Derek Leman on “hesed” in the Bible.

The Orthodox Church in the USA.

Meanderings in the News

Paul Butler’s eloquent and insightful observations about the Rutger’s spying case: “Ravi did not invent homophobia, but he is being scapegoated for it. Bias against gay people is, sadly, embedded in American culture. Until last year people were being kicked out of the military because they were homosexuals. None of the four leading presidential candidates — President Obama, Mitt Romney, Rick Santorum, Newt Gingrich — thinks that gay people should be allowed to get married. A better way to honor the life of Clementi would be for everyone to get off their high horse about a 20-year-old kid and instead think about how we can promote civil rights in our own lives. Though a national conversation about civility and respect would have been better, as usual for social problems, we looked to the criminal justice system. The United States incarcerates more of its citizens than any country in the world. We are an extraordinarily punitive people. Clementi died for America’s sins. And now, Ravi faces years in prison for the same reason.” [We are deporting this young man?]

Sarah Hepola: “And that raises a question well worth asking in 2012: Where is the next Gloria Steinem, and why — decades after the media spotlight first focused on her — has no one emerged to take her place? …Ms. Steinem’s DNA has been scattered into a million cells — in the blogs, as well as in the work of women whose labors do not land them on cable shows: Ai-jen Poo, the organizer of Domestic Workers United, or Navi Pillay, head of the Commission on Human Rights at the United Nations.“We often have a cultural fantasy about individuals,” said Emily Nussbaum, the television critic for The New Yorker and a longtime feminist reporter. “But collaboration is just as frequently the source of great things, and it’s less rarely recognized. Change doesn’t always happen because of one person, but that’s what makes for great biographies.”

Those 55-hour work weeks are unproductive.

Crazy Horse sculpture, a multi-generational work of Americana art: “As he started the Crazy Horse monument in 1947, short on money, manpower and the credulity of just about anyone who heard his plans, Korczak Ziolkowski, a sculptor from Connecticut, promised the tribal leaders who had recruited him and the local residents who scorned him that he was dedicating his life to the effort. But he underestimated the scale of the undertaking. His promise, it turned out, was a multigenerational commitment.”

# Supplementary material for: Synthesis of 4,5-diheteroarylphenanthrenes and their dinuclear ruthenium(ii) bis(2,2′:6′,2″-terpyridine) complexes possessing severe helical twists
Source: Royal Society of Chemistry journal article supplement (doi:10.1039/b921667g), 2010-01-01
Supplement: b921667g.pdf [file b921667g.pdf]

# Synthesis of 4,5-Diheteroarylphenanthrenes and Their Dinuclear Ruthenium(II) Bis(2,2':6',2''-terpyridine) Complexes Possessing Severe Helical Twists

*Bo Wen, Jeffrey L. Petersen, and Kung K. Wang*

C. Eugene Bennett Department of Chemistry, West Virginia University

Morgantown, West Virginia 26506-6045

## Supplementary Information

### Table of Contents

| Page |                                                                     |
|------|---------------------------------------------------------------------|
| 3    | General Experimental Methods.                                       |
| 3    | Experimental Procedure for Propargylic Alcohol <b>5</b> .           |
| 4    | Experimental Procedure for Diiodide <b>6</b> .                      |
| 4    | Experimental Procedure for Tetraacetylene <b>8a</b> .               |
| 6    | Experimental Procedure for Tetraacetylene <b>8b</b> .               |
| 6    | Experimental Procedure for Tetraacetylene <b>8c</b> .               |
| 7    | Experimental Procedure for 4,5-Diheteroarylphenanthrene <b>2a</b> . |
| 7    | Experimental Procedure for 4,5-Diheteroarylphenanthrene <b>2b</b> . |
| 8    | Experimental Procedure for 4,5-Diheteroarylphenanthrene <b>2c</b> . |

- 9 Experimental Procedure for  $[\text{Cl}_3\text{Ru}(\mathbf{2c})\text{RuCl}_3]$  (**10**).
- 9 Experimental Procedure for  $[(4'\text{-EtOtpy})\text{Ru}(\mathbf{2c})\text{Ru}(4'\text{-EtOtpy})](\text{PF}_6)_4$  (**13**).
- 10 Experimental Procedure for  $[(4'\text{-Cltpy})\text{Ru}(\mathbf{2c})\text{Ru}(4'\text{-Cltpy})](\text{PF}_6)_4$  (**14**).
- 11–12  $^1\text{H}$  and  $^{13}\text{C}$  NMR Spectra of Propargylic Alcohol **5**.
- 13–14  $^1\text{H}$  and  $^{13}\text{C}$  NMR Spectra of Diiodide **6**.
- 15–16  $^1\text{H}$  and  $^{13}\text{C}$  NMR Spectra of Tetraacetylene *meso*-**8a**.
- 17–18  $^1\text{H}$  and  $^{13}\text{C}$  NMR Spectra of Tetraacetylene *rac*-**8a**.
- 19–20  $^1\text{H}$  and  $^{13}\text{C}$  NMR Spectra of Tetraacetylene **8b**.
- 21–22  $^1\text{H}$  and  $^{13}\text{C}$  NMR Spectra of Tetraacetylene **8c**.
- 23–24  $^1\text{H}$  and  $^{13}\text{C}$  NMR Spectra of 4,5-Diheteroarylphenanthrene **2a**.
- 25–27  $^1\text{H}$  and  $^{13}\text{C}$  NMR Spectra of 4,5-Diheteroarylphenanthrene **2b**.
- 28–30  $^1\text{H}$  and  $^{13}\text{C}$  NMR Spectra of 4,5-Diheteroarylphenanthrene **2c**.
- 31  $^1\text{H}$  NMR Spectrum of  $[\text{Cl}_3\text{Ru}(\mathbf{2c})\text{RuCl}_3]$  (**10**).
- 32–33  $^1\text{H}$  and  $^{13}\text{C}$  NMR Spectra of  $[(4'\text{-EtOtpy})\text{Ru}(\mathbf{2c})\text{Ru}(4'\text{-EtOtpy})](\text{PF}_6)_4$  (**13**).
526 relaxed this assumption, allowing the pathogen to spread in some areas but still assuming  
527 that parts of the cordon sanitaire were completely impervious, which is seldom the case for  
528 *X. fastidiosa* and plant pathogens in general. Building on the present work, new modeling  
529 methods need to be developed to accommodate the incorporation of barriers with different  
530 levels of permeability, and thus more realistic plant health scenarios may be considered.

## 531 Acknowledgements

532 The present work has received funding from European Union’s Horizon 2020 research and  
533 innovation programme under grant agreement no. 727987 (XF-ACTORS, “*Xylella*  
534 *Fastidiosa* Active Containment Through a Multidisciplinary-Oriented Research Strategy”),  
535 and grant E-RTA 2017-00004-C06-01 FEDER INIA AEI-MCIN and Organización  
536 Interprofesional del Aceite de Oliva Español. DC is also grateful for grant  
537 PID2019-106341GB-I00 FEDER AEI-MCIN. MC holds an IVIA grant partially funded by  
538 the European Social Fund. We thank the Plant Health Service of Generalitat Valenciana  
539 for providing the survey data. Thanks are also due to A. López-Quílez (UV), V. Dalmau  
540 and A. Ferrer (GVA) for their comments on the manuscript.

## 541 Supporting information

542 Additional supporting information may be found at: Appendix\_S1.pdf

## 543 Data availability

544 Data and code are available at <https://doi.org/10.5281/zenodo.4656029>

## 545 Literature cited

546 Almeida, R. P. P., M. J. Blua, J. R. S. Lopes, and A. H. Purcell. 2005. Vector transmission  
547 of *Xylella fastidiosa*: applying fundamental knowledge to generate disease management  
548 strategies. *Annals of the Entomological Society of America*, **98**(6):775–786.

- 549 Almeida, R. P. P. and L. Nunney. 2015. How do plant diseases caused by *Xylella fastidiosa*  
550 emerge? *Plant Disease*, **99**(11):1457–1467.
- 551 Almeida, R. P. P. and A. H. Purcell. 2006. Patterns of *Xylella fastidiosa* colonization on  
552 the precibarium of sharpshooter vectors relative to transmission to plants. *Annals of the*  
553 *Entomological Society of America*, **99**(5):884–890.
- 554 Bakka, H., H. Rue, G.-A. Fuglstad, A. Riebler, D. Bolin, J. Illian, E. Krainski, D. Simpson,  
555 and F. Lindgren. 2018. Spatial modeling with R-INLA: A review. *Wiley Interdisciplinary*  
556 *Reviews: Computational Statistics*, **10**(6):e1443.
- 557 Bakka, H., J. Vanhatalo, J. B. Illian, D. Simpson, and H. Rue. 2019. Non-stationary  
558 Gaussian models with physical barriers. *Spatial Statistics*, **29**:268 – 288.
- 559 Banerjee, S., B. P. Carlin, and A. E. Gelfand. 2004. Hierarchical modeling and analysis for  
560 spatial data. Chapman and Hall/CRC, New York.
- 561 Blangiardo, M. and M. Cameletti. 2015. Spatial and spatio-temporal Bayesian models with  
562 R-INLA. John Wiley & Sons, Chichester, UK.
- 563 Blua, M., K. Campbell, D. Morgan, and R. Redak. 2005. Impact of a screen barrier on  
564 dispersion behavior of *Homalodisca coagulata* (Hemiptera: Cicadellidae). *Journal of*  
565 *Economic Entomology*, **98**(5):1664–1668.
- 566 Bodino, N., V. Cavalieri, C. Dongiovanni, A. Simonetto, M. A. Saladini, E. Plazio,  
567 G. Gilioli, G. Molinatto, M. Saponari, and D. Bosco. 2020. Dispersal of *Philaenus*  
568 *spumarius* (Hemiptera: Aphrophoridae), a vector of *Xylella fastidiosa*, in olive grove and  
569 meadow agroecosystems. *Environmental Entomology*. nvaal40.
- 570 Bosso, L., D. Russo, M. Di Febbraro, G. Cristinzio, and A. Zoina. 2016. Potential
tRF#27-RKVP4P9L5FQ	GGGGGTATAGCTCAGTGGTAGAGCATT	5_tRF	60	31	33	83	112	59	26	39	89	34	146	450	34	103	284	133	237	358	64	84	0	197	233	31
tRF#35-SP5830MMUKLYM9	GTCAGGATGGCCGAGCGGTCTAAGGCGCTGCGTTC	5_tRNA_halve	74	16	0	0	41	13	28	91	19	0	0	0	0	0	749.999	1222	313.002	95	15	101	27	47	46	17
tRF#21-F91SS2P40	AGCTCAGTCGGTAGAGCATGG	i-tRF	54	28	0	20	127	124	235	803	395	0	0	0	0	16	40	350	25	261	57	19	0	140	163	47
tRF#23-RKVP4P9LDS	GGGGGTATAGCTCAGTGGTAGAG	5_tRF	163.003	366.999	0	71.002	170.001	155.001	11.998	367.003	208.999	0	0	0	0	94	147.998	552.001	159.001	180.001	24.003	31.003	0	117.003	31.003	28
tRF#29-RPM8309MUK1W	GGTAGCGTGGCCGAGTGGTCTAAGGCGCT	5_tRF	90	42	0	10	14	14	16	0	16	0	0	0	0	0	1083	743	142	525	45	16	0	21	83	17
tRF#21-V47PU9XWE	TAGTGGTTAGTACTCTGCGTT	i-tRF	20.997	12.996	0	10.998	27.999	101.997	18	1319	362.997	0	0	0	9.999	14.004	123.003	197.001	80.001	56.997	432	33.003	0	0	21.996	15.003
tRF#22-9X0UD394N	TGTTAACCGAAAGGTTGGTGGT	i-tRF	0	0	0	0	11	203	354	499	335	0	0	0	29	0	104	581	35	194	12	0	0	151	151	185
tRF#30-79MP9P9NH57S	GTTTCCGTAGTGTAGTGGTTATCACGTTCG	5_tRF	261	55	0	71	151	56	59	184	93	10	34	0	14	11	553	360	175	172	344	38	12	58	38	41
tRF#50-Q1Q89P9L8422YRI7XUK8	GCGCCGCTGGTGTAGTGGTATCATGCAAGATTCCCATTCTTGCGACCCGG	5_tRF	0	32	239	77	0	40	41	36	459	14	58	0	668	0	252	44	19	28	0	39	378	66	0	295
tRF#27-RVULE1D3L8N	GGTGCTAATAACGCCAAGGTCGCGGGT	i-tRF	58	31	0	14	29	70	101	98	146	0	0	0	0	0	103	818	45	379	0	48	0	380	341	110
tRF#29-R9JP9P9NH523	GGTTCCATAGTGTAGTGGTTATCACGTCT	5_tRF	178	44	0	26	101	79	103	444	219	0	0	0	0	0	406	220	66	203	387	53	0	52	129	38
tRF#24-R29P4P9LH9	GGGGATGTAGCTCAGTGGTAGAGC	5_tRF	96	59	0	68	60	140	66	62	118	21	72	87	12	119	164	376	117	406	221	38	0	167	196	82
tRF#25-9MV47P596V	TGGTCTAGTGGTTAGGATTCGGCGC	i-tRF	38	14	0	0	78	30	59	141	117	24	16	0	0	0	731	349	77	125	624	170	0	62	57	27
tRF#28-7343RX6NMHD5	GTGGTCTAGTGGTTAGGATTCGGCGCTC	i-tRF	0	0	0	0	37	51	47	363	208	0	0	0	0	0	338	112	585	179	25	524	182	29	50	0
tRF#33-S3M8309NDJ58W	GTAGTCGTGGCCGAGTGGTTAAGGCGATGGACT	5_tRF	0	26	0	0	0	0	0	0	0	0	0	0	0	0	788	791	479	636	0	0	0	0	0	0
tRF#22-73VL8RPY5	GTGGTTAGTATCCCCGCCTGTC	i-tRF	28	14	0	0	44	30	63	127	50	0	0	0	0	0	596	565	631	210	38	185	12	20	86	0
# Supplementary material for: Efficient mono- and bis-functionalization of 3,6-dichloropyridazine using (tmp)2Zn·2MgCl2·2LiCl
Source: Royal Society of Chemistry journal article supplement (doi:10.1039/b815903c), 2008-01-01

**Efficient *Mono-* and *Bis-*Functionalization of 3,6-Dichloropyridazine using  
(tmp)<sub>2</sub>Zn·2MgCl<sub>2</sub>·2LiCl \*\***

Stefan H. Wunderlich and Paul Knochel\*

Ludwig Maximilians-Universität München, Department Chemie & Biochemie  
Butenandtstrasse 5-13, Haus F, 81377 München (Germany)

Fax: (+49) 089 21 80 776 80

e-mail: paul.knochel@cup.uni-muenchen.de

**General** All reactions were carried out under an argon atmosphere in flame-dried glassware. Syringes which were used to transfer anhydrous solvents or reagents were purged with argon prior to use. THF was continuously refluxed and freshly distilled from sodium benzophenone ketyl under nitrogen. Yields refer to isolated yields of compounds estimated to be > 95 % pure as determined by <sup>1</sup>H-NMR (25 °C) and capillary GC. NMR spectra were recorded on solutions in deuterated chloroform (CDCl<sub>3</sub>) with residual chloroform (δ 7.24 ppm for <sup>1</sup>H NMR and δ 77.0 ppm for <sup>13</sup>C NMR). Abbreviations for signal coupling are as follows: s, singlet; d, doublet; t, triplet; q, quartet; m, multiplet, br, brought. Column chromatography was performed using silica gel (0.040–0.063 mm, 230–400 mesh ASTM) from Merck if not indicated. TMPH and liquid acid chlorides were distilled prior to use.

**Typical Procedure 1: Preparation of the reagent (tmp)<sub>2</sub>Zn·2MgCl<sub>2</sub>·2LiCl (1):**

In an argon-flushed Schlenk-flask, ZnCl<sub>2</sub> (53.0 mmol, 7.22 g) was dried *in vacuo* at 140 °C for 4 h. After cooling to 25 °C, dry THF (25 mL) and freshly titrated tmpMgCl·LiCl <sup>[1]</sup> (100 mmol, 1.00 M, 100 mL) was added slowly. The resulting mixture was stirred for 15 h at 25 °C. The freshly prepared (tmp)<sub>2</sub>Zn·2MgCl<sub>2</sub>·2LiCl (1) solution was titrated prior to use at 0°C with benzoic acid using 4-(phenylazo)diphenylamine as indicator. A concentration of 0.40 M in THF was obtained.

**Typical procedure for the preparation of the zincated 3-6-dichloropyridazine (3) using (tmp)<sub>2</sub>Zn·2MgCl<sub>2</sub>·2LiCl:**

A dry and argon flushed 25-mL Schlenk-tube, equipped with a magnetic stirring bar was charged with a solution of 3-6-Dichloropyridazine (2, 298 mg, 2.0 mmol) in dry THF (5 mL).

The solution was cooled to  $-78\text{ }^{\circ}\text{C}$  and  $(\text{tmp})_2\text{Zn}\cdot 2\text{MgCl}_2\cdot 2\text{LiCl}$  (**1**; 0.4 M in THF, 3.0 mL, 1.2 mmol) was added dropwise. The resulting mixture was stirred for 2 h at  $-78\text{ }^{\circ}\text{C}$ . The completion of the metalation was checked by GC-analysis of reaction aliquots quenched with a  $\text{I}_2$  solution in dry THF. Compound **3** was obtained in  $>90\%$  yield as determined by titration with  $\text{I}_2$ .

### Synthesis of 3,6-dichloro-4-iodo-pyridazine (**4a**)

More partisan, by Peter Wallsten, Lori Montogomery, and Scott Wilson: “A president who promised to bring the country together, who confidently presented himself as the transformational figure able to make that happen, now had his chance. But, like earlier policy battles, the debt ceiling negotiations revealed a divided figure, a man who remained aloof from a Congress where he once served and that he now needed. He was caught between his own aspirations for historical significance and his inherent political caution. And he was unable to bridge a political divide that had only grown wider since he took office with a promise to change the ways of Washington, underscoring the gulf between the way he campaigned and the way he had governed. In the end, that brief effort, described by White House officials as the most intense and consequential of Obama’s presidency, not only illuminated pitfalls in the road he had taken during the previous three years but also directed him down a different, harder-edged, more overtly partisan path that is now defining his reelection campaign.”

If you are an author, yougottareadthis!

Rick Astley would never…

Martin S. Pribble found some good quotations from Mr Mark Twain, even if he found them on the internet. My copies of his books are abundantly underlined, every ready for this writer and speaker to pluck a choice quotation.

Guarnizo is no ordinary priest, as read in this by Michael S. Rosenwald and Michelle Boorstein: “Barbara Johnson reached out to receive Holy Communion at her mother’s funeral Mass last month at St. John Neumann Catholic Church in Gaithersburg. The Rev. Marcel Guarnizo, standing before her, placed his hand over the offering bowl, denying her the sacrament.”

Facebook’s impact on Spring Break — which is a small step forward. (HT: RM)

Meanderings in Sports

David Haugh, of Chicago Tribune, on the Matt Forte “disrespect”: “Forte needs to worry about running the football, not the football team. Signing Bush, who had 997 rushing yards for the Raiders last season, protects the Bears from Forte injuring himself again or foolishly holding out. That’s not disrespectful, that’s smart — especially given the hints Forte has dropped about skipping training camp unless he signs a new contract before the July 16 deadline.”